Questions grow over Iran's influence in Iraq
As Tariq al-Hashemi's death sentence heightens sectarian tensions in Iraq, Shiite Iran's role there is getting more attention, including a potential clerical succession struggle in Najaf.
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"Does Maliki do Iran's bidding? Sometimes. But he also does America's bidding, he has good relations with the United States," says Joost Hiltermann, Mideast and North Africa deputy program director for the International Crisis Group (ICG).Skip to next paragraph
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"The Iranians cannot impose anything, unless it's a huge thing for them and they can use threats and intimidation and blackmail, but I haven't seen that," says Mr. Hiltermann.
"It's a matter of the Iranians indicating their wishes and running up against internal Iraqi divisions ... plus there is always the [Iraqi] excuse, 'Well, but the Americans keep us from doing it,'" says Hiltermann.
“Iraqis are juggling, under pressure from both sides. They tell the Americans the same thing, ‘We can't do this because of the Iranians,’” Hiltermann adds. "Neither side is in control, the Iraqis are not in control either, they are weak and under pressure. But they can at least play one out against the other ... which they've been doing all along."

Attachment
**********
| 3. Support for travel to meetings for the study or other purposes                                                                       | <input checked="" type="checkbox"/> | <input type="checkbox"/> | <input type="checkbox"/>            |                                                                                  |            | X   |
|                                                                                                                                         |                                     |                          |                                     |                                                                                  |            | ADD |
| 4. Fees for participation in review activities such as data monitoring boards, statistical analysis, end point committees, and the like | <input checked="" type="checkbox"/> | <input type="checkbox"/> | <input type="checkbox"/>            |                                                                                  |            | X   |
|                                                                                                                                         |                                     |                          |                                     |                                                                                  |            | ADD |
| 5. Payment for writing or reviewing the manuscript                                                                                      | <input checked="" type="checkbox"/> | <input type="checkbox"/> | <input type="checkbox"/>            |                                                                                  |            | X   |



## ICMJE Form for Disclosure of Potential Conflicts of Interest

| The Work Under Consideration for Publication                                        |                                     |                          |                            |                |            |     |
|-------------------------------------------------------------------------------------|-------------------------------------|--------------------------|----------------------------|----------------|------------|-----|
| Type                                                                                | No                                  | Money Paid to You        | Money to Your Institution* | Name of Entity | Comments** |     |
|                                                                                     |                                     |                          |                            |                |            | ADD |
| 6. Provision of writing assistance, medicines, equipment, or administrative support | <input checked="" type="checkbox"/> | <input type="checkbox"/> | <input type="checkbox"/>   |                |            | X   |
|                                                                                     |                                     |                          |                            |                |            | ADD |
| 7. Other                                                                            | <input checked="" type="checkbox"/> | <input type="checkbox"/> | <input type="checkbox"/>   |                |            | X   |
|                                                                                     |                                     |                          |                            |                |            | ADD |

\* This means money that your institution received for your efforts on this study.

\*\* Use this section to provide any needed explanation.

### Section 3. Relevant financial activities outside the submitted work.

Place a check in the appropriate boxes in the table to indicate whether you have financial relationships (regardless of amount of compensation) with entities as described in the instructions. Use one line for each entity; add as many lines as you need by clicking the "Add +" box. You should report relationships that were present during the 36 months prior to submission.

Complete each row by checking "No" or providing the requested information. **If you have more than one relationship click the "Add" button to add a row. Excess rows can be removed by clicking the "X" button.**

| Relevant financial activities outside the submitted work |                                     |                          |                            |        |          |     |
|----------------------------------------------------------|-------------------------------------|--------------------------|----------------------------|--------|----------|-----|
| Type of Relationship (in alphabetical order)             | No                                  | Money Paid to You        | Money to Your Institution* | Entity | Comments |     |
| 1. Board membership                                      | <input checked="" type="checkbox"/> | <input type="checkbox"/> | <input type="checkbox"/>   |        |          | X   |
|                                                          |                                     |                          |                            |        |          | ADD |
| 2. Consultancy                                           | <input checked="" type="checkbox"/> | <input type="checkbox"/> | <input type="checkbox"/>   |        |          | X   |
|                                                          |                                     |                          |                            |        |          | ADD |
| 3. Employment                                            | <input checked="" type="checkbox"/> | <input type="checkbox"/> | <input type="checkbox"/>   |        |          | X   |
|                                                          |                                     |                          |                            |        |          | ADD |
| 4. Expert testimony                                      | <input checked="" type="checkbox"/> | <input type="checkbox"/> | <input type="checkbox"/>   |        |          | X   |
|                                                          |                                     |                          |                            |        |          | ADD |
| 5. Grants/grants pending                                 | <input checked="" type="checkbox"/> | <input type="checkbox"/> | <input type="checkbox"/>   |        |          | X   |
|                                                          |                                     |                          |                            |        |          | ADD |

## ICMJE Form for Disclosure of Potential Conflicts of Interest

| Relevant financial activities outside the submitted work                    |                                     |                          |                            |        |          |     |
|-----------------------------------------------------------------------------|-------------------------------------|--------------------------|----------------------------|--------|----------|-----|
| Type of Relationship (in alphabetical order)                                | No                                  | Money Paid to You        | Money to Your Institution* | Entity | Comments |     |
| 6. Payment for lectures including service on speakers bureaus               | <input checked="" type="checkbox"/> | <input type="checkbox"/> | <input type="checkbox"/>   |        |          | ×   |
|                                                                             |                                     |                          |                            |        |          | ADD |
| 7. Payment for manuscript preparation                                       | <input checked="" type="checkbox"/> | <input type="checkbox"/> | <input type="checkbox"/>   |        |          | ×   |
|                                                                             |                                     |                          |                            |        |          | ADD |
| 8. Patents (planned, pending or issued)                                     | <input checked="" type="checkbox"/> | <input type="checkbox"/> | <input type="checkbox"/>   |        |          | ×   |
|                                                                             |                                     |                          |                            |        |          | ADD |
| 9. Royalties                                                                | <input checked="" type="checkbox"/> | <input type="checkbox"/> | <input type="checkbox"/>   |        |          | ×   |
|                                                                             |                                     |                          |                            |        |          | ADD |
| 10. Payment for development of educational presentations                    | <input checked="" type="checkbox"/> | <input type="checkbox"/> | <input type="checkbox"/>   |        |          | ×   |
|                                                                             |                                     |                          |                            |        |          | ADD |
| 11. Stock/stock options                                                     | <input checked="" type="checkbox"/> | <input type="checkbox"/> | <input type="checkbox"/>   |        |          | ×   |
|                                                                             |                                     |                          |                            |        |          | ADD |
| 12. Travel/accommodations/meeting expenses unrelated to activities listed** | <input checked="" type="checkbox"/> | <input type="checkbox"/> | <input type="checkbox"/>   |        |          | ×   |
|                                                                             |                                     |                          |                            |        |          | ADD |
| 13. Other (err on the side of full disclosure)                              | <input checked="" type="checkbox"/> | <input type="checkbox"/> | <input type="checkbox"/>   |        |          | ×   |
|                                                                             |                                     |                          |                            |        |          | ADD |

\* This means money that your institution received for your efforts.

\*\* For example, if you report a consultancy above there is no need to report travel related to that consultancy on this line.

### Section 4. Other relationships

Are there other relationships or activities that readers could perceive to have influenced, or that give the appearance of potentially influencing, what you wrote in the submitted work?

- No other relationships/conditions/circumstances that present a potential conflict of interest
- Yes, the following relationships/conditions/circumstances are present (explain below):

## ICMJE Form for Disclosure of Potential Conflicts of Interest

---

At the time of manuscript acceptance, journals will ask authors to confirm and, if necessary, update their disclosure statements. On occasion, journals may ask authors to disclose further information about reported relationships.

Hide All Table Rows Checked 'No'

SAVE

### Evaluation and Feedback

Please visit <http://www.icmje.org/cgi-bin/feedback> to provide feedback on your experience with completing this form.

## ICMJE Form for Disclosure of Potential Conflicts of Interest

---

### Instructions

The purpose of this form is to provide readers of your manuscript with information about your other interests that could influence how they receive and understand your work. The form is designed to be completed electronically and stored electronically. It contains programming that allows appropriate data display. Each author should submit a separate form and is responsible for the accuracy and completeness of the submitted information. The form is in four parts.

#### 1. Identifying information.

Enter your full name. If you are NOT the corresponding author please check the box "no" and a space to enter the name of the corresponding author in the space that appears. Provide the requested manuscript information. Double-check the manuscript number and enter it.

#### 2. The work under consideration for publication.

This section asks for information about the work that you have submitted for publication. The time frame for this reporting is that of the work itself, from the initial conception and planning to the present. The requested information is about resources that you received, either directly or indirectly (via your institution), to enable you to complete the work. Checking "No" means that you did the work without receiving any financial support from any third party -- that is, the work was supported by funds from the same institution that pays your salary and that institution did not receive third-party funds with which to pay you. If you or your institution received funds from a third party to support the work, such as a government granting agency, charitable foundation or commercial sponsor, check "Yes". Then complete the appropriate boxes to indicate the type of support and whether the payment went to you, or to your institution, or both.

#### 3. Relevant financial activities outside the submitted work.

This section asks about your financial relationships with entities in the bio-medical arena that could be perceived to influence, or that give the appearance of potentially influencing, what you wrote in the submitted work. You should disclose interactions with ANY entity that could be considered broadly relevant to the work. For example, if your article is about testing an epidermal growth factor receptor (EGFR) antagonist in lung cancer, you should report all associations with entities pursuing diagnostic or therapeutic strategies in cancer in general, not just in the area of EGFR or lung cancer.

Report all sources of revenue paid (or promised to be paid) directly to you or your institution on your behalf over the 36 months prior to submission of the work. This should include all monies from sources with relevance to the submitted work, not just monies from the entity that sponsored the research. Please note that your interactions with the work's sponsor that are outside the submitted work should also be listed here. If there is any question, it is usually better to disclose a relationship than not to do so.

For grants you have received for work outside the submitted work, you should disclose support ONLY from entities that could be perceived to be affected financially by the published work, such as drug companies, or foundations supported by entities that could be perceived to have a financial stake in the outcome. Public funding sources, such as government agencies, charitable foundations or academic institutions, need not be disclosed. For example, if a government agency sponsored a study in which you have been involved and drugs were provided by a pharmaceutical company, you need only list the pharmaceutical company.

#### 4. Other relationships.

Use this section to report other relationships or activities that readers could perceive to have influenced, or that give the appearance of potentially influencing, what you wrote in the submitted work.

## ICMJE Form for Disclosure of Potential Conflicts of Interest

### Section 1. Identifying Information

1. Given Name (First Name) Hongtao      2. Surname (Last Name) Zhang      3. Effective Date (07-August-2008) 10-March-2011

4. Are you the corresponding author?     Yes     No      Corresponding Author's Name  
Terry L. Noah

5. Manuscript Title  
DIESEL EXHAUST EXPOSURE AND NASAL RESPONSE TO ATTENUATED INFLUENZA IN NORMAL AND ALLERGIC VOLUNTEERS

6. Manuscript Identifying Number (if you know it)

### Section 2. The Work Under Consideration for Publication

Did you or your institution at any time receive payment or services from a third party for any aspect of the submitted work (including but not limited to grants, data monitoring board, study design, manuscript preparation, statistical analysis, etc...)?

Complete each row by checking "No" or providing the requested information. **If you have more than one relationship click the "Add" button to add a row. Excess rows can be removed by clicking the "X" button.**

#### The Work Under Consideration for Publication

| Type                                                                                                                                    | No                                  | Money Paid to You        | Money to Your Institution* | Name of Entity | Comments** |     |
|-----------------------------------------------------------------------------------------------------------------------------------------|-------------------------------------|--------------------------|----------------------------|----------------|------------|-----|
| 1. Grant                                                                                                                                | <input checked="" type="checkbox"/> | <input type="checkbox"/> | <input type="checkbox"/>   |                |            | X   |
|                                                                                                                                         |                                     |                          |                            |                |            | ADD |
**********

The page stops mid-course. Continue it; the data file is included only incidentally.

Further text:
Controversy over Iran relations are especially pronounced in Iraq's Shiite center of learning at Najaf, where the aging and revered Grand Ayatollah Ali al-Sistani has ruled the religious establishment in the "quietist" tradition of generally steering clear of politics.
Mr. Sistani has frequently criticized the authoritarian bent of Maliki's tenure, prompting some members of the premier's Dawa party last year to encourage Iran's former judiciary chief Mr. Shahroudi to set up an office in Najaf, as a possible successor to Sistani.
From the start, difficulties plagued the office of Shahroudi – who is especially close to Iran's Supreme Leader Ayatollah Ali Khamenei and sits on Iran's Guardian Council – as concern grew that the cleric would attempt to import Iran's brand of absolute clerical rule called velayat-e faqih. Sistani made clear he would not meet with Shahroudi, and the snub prompted Shahroudi to cancel plans to visit last fall.
Pro-Maliki officials and clerics denied any attempt to carry out an "Iran project" in Najaf. But speculation grew further in April, when Maliki traveled to Tehran and, among many Iranian officials, also met Shahroudi – the only meeting of the trip that was quietly left off the Iraqi leader's official website.
Maliki's trip was "a turning point in the Iran-Iraq relations and a sign of increased cooperation ... in the forthcoming months [that] will have significant impacts on the region's power equations," wrote Iranian analyst Kayhan Barzegar in the E'temad newspaper.